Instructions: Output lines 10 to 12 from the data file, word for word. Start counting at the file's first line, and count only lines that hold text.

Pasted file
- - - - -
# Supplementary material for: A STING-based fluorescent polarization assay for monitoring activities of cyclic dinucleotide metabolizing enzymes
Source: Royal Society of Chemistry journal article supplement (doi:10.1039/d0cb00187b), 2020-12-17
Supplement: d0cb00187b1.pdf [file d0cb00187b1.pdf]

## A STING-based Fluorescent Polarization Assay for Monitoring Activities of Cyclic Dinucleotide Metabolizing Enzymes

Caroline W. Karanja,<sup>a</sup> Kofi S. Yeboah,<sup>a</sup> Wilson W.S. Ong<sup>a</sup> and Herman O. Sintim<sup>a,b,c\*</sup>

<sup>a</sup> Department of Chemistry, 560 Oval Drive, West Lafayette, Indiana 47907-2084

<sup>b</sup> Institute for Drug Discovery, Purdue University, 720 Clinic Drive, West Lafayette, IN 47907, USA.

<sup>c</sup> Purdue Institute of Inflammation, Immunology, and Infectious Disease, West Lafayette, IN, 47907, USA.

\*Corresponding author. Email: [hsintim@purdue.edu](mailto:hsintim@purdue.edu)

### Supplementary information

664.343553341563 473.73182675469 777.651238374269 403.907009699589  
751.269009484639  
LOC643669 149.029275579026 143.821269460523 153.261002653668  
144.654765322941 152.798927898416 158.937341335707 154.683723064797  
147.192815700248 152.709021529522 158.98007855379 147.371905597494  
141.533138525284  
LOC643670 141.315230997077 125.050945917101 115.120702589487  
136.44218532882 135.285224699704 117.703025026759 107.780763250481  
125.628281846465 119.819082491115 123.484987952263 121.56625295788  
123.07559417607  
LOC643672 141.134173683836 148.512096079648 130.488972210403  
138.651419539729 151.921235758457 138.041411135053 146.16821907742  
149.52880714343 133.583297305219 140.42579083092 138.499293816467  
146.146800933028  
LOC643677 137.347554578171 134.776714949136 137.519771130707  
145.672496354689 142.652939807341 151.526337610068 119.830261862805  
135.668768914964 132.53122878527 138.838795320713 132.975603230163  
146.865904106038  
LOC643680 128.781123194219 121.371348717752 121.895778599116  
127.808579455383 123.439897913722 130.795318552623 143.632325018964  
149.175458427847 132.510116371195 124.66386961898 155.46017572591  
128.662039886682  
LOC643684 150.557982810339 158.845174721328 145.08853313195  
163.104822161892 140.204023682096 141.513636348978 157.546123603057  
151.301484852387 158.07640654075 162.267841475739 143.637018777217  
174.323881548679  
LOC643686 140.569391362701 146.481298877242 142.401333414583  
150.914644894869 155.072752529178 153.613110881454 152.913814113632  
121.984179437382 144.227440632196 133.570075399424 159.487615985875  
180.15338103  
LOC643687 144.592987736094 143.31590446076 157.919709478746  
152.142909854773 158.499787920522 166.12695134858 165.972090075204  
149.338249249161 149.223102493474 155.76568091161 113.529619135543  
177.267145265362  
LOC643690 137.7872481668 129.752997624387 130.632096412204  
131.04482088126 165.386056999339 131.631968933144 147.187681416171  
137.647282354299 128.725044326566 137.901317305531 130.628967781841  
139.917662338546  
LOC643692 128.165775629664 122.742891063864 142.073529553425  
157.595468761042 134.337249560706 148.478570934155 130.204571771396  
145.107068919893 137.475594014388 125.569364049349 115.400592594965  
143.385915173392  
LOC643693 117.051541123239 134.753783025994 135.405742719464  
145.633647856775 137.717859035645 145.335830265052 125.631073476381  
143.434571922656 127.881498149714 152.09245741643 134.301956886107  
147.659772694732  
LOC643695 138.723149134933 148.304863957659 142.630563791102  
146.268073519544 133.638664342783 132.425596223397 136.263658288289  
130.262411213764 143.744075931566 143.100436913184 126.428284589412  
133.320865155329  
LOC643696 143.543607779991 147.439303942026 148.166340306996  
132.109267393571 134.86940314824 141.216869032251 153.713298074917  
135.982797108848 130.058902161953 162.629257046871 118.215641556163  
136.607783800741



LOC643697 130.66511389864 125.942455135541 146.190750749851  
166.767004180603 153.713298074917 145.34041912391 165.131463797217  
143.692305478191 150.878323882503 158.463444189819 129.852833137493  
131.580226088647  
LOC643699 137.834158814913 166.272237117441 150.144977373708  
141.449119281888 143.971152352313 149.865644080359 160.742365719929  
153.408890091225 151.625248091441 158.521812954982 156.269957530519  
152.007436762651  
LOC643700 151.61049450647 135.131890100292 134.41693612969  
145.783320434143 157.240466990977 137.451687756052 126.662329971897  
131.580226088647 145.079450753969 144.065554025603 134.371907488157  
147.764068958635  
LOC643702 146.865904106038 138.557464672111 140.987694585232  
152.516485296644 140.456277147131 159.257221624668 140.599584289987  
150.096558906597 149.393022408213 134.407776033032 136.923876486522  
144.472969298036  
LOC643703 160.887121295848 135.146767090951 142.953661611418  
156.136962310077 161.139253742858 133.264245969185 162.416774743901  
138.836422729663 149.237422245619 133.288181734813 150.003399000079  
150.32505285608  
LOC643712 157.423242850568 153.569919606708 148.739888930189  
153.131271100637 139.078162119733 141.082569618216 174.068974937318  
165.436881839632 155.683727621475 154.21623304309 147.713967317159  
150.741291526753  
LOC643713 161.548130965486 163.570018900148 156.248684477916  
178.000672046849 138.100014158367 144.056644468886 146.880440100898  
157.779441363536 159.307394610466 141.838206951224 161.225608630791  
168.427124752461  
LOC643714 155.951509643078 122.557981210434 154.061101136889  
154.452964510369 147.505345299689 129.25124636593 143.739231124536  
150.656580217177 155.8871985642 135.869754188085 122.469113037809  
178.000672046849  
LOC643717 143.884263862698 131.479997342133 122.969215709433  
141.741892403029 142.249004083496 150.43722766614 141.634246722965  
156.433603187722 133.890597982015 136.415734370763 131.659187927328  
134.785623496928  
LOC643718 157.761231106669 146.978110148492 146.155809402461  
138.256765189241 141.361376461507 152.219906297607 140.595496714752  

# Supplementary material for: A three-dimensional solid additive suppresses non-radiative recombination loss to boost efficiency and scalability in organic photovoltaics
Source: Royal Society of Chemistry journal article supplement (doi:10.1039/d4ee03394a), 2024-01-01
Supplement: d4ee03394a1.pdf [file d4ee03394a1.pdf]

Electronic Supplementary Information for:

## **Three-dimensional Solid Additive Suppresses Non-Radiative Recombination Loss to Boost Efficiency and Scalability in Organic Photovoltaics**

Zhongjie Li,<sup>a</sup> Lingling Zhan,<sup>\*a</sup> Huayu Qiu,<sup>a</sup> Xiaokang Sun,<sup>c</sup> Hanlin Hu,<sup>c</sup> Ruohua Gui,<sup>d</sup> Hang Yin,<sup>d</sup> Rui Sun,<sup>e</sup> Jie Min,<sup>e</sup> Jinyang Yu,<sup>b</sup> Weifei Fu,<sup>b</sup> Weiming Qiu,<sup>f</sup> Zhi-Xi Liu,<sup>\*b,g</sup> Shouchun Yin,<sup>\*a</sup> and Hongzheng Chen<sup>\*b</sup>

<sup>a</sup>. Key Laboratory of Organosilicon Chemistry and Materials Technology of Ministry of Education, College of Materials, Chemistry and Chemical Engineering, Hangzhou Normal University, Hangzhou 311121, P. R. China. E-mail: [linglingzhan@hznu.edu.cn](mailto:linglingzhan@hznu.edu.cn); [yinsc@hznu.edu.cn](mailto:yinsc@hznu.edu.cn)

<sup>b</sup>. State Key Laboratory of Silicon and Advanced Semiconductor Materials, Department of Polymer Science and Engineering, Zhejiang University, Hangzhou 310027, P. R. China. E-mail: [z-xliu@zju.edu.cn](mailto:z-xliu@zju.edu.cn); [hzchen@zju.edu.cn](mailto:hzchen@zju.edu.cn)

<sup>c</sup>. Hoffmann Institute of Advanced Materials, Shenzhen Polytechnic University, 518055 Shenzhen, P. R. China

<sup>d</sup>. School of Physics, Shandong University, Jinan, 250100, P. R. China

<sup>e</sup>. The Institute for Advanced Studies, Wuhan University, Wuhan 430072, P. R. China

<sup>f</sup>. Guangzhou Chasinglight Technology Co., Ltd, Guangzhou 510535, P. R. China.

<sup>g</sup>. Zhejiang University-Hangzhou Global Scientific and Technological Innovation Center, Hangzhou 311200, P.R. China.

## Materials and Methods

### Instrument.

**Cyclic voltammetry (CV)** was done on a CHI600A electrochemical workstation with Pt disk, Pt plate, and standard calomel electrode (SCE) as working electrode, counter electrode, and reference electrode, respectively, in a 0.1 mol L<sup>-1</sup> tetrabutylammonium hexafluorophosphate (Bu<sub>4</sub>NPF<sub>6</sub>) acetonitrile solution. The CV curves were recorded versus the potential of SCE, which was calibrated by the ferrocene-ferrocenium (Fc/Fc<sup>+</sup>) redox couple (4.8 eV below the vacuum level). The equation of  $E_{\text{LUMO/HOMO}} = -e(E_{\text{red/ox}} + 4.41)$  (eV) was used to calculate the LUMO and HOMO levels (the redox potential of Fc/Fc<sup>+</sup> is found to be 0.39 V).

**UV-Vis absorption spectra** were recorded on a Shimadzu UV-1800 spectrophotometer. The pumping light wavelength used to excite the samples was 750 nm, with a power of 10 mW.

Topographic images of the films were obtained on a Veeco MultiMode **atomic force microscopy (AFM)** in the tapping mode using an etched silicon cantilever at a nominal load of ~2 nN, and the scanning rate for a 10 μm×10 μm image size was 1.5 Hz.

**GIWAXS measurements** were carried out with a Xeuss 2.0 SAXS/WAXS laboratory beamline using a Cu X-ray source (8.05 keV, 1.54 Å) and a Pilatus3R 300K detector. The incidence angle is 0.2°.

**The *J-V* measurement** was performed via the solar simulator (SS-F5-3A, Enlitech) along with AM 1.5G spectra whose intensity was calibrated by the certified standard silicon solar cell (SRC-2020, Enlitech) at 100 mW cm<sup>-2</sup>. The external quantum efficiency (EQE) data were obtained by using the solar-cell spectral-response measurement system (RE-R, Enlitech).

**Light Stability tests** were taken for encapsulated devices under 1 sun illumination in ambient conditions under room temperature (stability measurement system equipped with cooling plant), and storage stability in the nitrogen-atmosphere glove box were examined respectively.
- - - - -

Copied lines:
### Supplementary information

664.343553341563 473.73182675469 777.651238374269 403.907009699589  
751.269009484639  